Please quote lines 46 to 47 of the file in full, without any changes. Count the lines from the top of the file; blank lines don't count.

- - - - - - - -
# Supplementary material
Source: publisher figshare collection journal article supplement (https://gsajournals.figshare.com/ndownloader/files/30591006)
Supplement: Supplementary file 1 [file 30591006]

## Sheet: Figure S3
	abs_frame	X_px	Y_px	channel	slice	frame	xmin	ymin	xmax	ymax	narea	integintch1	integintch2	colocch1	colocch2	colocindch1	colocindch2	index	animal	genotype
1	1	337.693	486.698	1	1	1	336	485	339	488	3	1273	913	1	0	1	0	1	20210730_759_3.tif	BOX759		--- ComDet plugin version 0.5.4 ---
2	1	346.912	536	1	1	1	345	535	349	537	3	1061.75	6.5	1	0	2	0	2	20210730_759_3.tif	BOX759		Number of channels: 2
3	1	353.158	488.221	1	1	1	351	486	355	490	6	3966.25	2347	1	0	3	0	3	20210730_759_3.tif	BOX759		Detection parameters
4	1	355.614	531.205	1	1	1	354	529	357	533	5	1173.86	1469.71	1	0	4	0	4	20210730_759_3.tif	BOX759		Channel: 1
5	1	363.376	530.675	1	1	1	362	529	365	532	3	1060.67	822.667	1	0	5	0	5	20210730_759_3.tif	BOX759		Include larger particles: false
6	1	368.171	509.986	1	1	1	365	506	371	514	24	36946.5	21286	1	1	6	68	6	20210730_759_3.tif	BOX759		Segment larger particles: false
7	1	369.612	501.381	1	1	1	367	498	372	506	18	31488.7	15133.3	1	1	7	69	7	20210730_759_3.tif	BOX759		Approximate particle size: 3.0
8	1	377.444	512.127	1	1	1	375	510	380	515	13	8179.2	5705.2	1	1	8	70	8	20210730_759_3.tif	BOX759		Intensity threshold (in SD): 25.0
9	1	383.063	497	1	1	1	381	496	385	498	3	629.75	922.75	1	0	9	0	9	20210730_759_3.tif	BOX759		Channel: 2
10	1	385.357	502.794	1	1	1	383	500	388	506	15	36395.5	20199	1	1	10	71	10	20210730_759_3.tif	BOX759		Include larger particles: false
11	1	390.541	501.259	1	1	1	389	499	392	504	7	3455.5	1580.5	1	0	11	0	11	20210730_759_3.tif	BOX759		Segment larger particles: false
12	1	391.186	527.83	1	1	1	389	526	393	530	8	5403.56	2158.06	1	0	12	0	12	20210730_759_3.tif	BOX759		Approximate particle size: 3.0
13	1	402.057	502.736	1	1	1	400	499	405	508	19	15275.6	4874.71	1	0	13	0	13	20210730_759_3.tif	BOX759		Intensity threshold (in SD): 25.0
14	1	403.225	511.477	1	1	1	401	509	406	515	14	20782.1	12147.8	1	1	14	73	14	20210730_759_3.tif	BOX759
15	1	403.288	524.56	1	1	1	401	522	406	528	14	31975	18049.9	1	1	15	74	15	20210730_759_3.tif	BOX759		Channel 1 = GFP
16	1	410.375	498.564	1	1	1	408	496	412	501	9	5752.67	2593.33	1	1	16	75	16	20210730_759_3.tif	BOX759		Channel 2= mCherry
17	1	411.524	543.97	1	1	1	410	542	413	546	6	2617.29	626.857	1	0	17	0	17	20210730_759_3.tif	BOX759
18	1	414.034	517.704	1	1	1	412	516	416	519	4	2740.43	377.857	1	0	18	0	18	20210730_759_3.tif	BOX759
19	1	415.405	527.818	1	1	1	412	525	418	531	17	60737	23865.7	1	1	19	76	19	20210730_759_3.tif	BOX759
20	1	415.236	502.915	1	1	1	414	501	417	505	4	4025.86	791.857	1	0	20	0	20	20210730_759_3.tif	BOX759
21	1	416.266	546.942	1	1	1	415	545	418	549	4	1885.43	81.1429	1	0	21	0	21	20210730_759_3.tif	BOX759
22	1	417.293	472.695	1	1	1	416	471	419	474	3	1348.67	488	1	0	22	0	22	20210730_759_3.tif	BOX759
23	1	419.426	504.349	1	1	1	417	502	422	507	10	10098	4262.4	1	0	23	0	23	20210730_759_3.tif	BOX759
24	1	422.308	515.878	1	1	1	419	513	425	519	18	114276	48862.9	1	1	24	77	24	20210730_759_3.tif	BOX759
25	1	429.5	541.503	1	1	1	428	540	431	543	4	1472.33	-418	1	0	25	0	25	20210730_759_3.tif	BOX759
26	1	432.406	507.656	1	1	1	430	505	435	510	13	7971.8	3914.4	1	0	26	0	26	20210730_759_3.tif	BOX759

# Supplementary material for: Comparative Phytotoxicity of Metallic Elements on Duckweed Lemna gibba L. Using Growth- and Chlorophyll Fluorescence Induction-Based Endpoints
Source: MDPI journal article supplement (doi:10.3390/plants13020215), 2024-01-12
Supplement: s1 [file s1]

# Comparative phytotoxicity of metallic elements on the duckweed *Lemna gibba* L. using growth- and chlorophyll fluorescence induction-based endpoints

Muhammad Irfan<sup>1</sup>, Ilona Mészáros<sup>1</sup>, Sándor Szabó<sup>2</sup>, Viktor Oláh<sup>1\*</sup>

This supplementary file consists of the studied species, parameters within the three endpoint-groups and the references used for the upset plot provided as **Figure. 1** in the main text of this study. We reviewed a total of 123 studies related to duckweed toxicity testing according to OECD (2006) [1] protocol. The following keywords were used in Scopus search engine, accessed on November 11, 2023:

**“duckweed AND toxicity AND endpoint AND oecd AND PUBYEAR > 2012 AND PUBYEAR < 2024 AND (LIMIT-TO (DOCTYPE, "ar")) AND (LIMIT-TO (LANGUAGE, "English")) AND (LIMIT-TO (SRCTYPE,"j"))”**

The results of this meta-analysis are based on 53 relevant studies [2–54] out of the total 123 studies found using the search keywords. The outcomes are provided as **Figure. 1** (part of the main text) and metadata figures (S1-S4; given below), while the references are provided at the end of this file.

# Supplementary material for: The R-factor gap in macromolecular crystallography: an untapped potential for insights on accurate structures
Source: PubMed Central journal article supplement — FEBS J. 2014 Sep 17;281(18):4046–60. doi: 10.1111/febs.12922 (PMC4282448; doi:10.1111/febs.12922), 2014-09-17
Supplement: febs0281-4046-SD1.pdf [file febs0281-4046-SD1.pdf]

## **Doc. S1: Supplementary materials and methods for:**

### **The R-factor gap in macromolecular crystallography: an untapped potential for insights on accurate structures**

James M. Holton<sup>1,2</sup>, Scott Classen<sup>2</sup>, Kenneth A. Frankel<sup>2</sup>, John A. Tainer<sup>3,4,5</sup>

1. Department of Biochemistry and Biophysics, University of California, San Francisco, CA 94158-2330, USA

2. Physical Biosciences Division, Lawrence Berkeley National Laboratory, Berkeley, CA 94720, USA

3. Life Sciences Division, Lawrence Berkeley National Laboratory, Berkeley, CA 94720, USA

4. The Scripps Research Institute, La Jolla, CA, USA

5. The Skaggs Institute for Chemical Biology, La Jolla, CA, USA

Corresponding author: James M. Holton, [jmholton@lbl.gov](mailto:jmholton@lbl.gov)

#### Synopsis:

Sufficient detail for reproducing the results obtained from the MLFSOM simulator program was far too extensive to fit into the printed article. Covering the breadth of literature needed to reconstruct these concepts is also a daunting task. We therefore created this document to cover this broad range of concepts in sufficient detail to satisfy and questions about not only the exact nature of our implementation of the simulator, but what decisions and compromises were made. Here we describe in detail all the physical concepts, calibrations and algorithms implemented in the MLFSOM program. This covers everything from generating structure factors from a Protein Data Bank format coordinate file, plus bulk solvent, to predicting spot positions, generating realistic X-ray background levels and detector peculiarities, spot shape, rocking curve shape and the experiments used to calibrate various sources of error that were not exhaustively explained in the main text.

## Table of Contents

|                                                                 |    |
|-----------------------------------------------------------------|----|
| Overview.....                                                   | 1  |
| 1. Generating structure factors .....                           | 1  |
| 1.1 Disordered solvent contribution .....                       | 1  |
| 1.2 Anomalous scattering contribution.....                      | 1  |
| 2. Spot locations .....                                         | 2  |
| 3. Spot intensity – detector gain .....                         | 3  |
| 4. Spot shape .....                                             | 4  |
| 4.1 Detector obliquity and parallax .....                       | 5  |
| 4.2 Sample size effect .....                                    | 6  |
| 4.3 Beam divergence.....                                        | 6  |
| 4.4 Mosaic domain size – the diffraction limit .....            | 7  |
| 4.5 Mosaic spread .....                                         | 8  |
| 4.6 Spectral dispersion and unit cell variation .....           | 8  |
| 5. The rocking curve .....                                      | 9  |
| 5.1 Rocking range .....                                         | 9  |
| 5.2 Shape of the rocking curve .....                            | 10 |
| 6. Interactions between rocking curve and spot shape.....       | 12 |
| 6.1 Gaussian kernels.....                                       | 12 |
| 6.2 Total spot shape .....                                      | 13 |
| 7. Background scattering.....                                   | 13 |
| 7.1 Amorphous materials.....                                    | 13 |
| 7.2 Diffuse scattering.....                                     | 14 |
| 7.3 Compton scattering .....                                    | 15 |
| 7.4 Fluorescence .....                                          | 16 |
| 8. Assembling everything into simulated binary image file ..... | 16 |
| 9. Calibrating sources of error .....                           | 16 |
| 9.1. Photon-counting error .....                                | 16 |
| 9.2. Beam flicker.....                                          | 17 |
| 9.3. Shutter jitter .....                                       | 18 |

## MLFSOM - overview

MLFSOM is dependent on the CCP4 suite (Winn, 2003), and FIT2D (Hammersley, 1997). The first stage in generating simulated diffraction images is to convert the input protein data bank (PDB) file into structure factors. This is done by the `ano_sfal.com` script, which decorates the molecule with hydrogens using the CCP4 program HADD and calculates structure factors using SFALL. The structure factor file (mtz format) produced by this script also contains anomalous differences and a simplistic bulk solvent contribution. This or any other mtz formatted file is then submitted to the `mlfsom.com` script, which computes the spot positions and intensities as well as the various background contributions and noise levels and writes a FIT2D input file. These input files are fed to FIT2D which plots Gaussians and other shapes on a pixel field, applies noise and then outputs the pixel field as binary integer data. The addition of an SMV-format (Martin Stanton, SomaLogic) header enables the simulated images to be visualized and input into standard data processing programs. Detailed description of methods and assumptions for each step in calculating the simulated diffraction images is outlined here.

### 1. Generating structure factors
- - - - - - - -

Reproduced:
1. Department of Biochemistry and Biophysics, University of California, San Francisco, CA 94158-2330, USA

2. Physical Biosciences Division, Lawrence Berkeley National Laboratory, Berkeley, CA 94720, USA